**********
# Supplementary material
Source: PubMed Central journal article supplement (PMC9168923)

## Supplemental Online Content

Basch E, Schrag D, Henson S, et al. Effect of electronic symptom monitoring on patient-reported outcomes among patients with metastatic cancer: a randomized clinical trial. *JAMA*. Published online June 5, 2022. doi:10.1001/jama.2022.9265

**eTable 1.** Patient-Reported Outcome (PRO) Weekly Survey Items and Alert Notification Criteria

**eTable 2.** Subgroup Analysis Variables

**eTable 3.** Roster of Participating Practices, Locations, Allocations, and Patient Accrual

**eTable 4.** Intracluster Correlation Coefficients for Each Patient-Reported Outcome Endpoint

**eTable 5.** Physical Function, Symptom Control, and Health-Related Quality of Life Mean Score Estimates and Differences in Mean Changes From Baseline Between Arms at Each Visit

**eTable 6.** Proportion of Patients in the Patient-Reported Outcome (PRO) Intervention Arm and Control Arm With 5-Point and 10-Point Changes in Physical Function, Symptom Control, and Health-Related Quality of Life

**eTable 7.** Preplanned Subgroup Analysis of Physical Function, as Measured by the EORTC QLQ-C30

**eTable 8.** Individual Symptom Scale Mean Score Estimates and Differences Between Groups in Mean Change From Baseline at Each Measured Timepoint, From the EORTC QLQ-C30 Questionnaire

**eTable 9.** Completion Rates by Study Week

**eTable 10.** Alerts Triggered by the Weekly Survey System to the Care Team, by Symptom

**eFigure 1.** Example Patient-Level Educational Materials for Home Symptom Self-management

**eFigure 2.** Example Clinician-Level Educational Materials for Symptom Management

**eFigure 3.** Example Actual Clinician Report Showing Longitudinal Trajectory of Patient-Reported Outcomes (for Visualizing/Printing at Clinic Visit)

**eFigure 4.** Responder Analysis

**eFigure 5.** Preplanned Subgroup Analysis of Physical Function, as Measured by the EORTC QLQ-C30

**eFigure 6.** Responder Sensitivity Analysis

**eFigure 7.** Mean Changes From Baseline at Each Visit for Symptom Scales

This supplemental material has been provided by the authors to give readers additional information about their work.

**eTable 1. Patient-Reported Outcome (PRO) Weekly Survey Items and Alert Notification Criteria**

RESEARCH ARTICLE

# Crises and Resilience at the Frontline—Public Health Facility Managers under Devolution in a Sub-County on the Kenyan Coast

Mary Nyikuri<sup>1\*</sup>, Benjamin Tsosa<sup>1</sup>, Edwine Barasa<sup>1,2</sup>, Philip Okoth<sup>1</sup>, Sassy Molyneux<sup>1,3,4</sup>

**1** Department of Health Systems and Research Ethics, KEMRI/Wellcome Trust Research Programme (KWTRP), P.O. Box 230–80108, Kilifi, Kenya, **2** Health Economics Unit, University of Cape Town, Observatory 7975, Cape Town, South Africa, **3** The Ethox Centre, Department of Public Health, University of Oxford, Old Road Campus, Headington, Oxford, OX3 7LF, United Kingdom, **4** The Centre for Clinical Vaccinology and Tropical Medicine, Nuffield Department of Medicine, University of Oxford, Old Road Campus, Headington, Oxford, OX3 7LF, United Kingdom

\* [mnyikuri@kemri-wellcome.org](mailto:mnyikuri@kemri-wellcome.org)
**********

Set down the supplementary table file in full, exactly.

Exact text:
# Supplementary material
Source: PubMed Central journal article supplement (PMC9168923)

## Supplemental Online Content

Basch E, Schrag D, Henson S, et al. Effect of electronic symptom monitoring on patient-reported outcomes among patients with metastatic cancer: a randomized clinical trial. *JAMA*. Published online June 5, 2022. doi:10.1001/jama.2022.9265

**eTable 1.** Patient-Reported Outcome (PRO) Weekly Survey Items and Alert Notification Criteria

**eTable 2.** Subgroup Analysis Variables

**eTable 3.** Roster of Participating Practices, Locations, Allocations, and Patient Accrual

**eTable 4.** Intracluster Correlation Coefficients for Each Patient-Reported Outcome Endpoint

**eTable 5.** Physical Function, Symptom Control, and Health-Related Quality of Life Mean Score Estimates and Differences in Mean Changes From Baseline Between Arms at Each Visit

**eTable 6.** Proportion of Patients in the Patient-Reported Outcome (PRO) Intervention Arm and Control Arm With 5-Point and 10-Point Changes in Physical Function, Symptom Control, and Health-Related Quality of Life

**eTable 7.** Preplanned Subgroup Analysis of Physical Function, as Measured by the EORTC QLQ-C30

**eTable 8.** Individual Symptom Scale Mean Score Estimates and Differences Between Groups in Mean Change From Baseline at Each Measured Timepoint, From the EORTC QLQ-C30 Questionnaire

**eTable 9.** Completion Rates by Study Week

**eTable 10.** Alerts Triggered by the Weekly Survey System to the Care Team, by Symptom

**eFigure 1.** Example Patient-Level Educational Materials for Home Symptom Self-management

**eFigure 2.** Example Clinician-Level Educational Materials for Symptom Management

**eFigure 3.** Example Actual Clinician Report Showing Longitudinal Trajectory of Patient-Reported Outcomes (for Visualizing/Printing at Clinic Visit)

**eFigure 4.** Responder Analysis

**eFigure 5.** Preplanned Subgroup Analysis of Physical Function, as Measured by the EORTC QLQ-C30

**eFigure 6.** Responder Sensitivity Analysis

**eFigure 7.** Mean Changes From Baseline at Each Visit for Symptom Scales

This supplemental material has been provided by the authors to give readers additional information about their work.

**eTable 1. Patient-Reported Outcome (PRO) Weekly Survey Items and Alert Notification Criteria**

RESEARCH ARTICLE

# Crises and Resilience at the Frontline—Public Health Facility Managers under Devolution in a Sub-County on the Kenyan Coast

Mary Nyikuri<sup>1\*</sup>, Benjamin Tsosa<sup>1</sup>, Edwine Barasa<sup>1,2</sup>, Philip Okoth<sup>1</sup>, Sassy Molyneux<sup>1,3,4</sup>

**1** Department of Health Systems and Research Ethics, KEMRI/Wellcome Trust Research Programme (KWTRP), P.O. Box 230–80108, Kilifi, Kenya, **2** Health Economics Unit, University of Cape Town, Observatory 7975, Cape Town, South Africa, **3** The Ethox Centre, Department of Public Health, University of Oxford, Old Road Campus, Headington, Oxford, OX3 7LF, United Kingdom, **4** The Centre for Clinical Vaccinology and Tropical Medicine, Nuffield Department of Medicine, University of Oxford, Old Road Campus, Headington, Oxford, OX3 7LF, United Kingdom

\* [mnyikuri@kemri-wellcome.org](mailto:mnyikuri@kemri-wellcome.org)